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Soiled Association with Standards - 17/10/2006
 
The Soil Association (SA) is riven with difficulties and divisions over its difficulties in attaining its standards without ignominious excuses for derogations. The Association’s acceptance of fish-farming among acceptable “organic” practices has sullied its reputation, which has prompted comment from the Meat Trades Journal (13 October 2006).

The Soil Association (SA) is riven with difficulties and divisions over its difficulties in attaining its standards without ignominious excuses for derogations. The Association’s acceptance of fish-farming among acceptable “organic” practices has sullied its reputation, which has prompted comment from the Meat Trades Journal (13 October 2006).

Lawrence Woodward, a former head of the SA, said that “grey areas” in organic certification were allowing supermarkets to encourage producers to exploit them. He singled out organic poultry as an area where loopholes are regularly abused: “beak tipping, the use of conventional feed and the use of conventional chicks should be banned”, he said, continuing: “It is completely against organic principles. If they’re clipping beaks because there is a problem, those systems should not be allowed. It is a symptom of too high a stocking density” (We note that the SA’s codes on this matter make stipulations stricter than most major commercial producers of poultry products. At this time of the year we don’t overlook the “crop” of turkeys scheduled for the Christmas massacre).

Lawrence Woodward added: “The Soil Association should take the lead, take the moral high ground and close the loopholes, the derogations”. Robin Maynard, communications director of the SA, said that it had “the most rigorous standards of the organic certification bodies, 10 of which operate in the UK. The Soil Association has always chosen to have a higher set of standards than the EU. The EU has a great interest in the market trade and we don’t want to become like the US, where the standards have been dumbed down. Some supermarkets are seeking or choosing some certifiers who have lower standards on poultry and pigs”. He acknowledged that “supermarket producers may be under pressure to use methods that aren’t sympathetic to organic principles”, because their margins are so tight. “It’s a cautious balance between keeping the principles pure and putting an awful lot of people out of business”, Robin Maynard added (and depriving consumers’ overweening demands for cheap food, we can’t resist observing).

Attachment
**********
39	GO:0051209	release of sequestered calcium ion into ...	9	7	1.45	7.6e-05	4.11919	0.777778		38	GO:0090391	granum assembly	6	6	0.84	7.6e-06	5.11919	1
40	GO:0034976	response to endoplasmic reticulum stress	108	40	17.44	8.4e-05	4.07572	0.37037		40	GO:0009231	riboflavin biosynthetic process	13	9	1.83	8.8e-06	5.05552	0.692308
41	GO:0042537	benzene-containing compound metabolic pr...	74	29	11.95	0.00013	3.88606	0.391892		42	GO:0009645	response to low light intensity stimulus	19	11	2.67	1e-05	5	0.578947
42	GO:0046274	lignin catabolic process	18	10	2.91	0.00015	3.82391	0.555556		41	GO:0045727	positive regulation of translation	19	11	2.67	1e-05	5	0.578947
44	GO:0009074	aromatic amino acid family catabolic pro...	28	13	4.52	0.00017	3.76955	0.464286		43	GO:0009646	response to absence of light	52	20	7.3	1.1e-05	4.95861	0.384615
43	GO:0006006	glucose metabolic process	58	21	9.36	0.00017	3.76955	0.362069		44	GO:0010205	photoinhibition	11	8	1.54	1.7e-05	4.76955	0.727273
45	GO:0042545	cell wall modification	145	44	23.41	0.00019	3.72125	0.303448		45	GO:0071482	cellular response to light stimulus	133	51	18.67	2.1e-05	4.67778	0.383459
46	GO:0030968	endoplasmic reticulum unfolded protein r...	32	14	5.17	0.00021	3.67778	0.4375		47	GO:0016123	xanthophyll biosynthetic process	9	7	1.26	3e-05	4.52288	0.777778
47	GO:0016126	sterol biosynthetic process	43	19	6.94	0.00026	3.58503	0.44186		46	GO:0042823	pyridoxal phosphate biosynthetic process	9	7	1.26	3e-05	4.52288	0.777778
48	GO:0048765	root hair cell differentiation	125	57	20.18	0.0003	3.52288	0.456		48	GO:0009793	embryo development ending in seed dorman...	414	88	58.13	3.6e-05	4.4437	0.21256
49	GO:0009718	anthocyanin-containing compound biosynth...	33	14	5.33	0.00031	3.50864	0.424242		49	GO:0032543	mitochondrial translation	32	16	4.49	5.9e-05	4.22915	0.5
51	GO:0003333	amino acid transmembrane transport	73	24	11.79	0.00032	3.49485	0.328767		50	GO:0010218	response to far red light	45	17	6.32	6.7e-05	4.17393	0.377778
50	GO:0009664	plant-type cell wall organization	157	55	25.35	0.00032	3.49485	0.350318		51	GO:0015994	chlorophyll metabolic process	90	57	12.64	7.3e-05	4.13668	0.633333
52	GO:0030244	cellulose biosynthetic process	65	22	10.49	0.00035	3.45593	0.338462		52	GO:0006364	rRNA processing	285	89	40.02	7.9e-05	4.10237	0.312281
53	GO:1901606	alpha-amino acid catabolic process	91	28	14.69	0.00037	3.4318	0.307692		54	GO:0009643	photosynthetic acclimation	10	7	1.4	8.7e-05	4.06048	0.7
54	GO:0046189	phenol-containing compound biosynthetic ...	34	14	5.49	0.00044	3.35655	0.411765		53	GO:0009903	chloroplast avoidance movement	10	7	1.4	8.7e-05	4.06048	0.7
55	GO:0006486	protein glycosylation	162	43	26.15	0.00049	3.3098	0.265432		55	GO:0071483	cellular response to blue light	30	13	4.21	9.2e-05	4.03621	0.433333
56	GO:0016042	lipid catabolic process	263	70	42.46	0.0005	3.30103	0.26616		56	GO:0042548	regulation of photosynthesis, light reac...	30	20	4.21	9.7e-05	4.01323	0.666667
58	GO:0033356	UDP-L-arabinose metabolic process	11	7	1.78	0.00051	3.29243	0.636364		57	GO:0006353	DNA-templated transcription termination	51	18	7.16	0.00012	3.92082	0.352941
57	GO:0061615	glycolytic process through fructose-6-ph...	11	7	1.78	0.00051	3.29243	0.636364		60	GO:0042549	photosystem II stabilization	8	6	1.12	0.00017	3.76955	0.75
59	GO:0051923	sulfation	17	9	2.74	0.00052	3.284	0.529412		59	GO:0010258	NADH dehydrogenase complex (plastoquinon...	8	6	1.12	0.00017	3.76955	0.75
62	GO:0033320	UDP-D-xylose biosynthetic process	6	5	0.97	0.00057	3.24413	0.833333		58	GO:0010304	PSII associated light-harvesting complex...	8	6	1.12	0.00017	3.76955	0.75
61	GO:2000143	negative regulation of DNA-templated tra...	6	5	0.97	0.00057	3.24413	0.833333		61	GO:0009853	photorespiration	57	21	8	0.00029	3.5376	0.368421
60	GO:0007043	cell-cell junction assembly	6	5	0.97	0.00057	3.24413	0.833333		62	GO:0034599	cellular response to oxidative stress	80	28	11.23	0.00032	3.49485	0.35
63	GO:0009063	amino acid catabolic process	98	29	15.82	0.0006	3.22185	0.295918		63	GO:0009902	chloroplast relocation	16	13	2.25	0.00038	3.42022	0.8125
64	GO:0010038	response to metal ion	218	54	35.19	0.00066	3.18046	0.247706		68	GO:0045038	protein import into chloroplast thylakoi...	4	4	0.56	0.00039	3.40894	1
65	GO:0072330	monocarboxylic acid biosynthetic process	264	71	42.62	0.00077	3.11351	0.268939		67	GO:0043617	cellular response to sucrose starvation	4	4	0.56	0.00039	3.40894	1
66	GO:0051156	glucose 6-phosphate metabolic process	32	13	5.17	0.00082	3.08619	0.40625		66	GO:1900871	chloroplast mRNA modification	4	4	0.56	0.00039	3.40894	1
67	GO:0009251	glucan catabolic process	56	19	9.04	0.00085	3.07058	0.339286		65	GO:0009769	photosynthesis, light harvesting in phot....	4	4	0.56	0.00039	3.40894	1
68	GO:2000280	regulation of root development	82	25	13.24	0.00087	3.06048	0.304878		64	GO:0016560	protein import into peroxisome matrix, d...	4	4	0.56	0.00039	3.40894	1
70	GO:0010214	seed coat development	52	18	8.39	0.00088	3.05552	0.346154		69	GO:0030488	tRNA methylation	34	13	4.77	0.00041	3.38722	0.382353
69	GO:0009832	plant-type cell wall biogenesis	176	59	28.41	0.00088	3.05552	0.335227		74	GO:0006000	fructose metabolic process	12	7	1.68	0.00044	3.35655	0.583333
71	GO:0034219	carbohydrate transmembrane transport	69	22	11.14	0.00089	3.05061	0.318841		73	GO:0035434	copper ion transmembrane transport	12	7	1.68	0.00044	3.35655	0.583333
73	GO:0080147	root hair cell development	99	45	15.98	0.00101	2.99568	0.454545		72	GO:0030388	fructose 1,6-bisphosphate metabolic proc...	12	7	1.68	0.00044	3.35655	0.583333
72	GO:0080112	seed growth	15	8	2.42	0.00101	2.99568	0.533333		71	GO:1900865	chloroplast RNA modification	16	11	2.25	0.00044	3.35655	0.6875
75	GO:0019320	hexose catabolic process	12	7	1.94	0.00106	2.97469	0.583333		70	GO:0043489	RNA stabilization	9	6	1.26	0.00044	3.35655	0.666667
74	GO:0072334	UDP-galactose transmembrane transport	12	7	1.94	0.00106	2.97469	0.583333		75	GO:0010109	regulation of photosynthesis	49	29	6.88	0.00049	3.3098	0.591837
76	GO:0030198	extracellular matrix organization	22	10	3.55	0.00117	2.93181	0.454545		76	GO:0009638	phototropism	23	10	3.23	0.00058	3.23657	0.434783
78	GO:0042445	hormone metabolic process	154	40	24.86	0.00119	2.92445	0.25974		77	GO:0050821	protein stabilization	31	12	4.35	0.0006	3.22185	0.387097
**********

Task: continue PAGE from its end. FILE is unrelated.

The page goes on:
Robin Maynard defended the SA’s record on poultry farming. Beak tipping is allowed only “if there is a welfare problem. It you’ve got severe pecking and/or cannibalism, and if a vet recommends it, we allow it”. (We note that customers are too readily assured by glib claims for free-range systems).

“Use of up to 15% non-organic feed for poultry and pigs is allowed if the farmer can show there is no alternative available. This will reduce to 5% by 2001”, Robin Maynard added. (These stipulations would include GM ingredients).

A spokesman for Tesco complained that “it is nonsense to suggest we are putting pressure on anyone to reduce standards”.
 
 
 

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